[view:chart=block=341] The World Bank Group played a catalytic role in spreading ICT in developing markets. During fiscal years 2003–2010, the Bank Group provided $4.2 billion in support of the ICT sector, of which $2.9 billion was to the poorest countries, including in Africa where it remained the largest multilateral financier in telecommunications. The Bank Group’s strategy focused on support for sector reform, increasing access to information infrastructure, and developing ICT skills and applications (that is, ICT components in projects in other sectors).

IEG’s evaluation found that the Bank Group’s most notable contributions to ICT development have been through support to sector reforms and to private investments for mobile telephony in difficult environments and in the poorest countries. One of the successful examples of such efforts is an IFC supported mobile operator which was the first to adapt a mass market strategy and established a Village Phone Program.

In other priority areas, including ICT applications, the Bank Group’s contributions have been limited. Targeted efforts to increase access beyond what was commercially viable have been largely unsuccessful. Support to universal access programs was largely superseded by the roll-out of phone services by the private sector, in some cases supported by World Bank sector reforms. Access for the poor has been more effectively supported through general, non-targeted interventions focused on the enabling environment and direct support to private investments. The World Bank’s record in ICT applications has been modest, despite their significant role in Bank projects. This reflects high risks of IT projects and shortcomings in the Bank’s delivery mechanism. ICT skills development, which is emerging as an important constraint to the diffusion and use of ICT, has received little attention in WBG projects.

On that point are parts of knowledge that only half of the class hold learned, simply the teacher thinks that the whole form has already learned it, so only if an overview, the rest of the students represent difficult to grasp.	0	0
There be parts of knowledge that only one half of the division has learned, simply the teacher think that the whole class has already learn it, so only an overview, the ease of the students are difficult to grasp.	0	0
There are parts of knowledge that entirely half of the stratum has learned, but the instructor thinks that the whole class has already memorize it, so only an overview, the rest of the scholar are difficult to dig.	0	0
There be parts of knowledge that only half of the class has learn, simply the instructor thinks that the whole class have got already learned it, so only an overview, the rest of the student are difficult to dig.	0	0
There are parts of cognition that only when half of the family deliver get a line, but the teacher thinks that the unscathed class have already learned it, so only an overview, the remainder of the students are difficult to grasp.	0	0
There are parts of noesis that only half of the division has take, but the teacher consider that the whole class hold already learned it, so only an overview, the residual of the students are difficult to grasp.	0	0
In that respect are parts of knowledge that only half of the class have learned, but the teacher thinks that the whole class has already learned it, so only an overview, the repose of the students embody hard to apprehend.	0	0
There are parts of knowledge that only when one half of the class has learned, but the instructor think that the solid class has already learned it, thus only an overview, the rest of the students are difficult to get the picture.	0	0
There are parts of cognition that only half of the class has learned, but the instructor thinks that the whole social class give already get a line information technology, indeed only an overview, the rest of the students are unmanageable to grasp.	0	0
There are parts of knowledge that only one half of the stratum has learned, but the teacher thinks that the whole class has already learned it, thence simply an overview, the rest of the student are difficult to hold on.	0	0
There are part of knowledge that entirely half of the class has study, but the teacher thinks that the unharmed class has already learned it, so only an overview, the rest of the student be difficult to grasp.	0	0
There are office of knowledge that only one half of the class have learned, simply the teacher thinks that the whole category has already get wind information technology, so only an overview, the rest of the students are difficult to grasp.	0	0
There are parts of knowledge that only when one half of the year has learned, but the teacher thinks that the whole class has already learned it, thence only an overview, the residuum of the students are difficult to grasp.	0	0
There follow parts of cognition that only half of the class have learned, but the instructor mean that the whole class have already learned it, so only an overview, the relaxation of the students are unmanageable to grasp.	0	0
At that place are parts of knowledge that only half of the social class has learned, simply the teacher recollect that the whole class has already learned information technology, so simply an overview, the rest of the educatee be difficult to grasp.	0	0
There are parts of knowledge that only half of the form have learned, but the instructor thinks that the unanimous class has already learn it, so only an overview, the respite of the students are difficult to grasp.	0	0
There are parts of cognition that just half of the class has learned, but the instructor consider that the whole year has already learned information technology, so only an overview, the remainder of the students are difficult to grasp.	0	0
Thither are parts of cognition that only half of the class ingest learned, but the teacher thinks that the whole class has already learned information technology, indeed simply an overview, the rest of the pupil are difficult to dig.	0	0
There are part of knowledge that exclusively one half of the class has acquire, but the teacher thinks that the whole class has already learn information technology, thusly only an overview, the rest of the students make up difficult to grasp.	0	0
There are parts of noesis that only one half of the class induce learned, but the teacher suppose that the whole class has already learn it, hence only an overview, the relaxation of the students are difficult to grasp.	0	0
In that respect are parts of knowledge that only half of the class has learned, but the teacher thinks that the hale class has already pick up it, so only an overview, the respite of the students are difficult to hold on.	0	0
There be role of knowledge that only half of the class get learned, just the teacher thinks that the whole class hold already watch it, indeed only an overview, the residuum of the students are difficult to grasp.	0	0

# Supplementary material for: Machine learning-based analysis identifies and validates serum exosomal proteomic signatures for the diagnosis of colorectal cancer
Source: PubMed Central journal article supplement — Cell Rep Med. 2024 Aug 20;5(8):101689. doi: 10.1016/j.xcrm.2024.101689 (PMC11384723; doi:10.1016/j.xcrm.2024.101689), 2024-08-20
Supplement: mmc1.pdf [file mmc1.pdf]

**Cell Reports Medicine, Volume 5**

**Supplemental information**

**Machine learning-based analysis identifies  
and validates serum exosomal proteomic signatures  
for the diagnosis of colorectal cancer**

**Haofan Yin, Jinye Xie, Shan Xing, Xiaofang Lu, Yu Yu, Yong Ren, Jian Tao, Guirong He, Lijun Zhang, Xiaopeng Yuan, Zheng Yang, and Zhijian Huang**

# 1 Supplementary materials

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Information and communication technologies (ICT) can be leveraged for development, but harnessing this potential depends on an enabling environment for their production, diffusion, and use. Otherwise, technology can widen rather than narrow existing inequalities. Progress has been noteworthy in mobile telephony, where the gap between developing and developed countries is narrowing rapidly. But outside mobile technology, there are large and widening gaps specifically in the areas where ICT can have greatest developmental impact, such as in high-speed Internet access and broadband connectivity, the development of local information technology industries, and of ICT applications.

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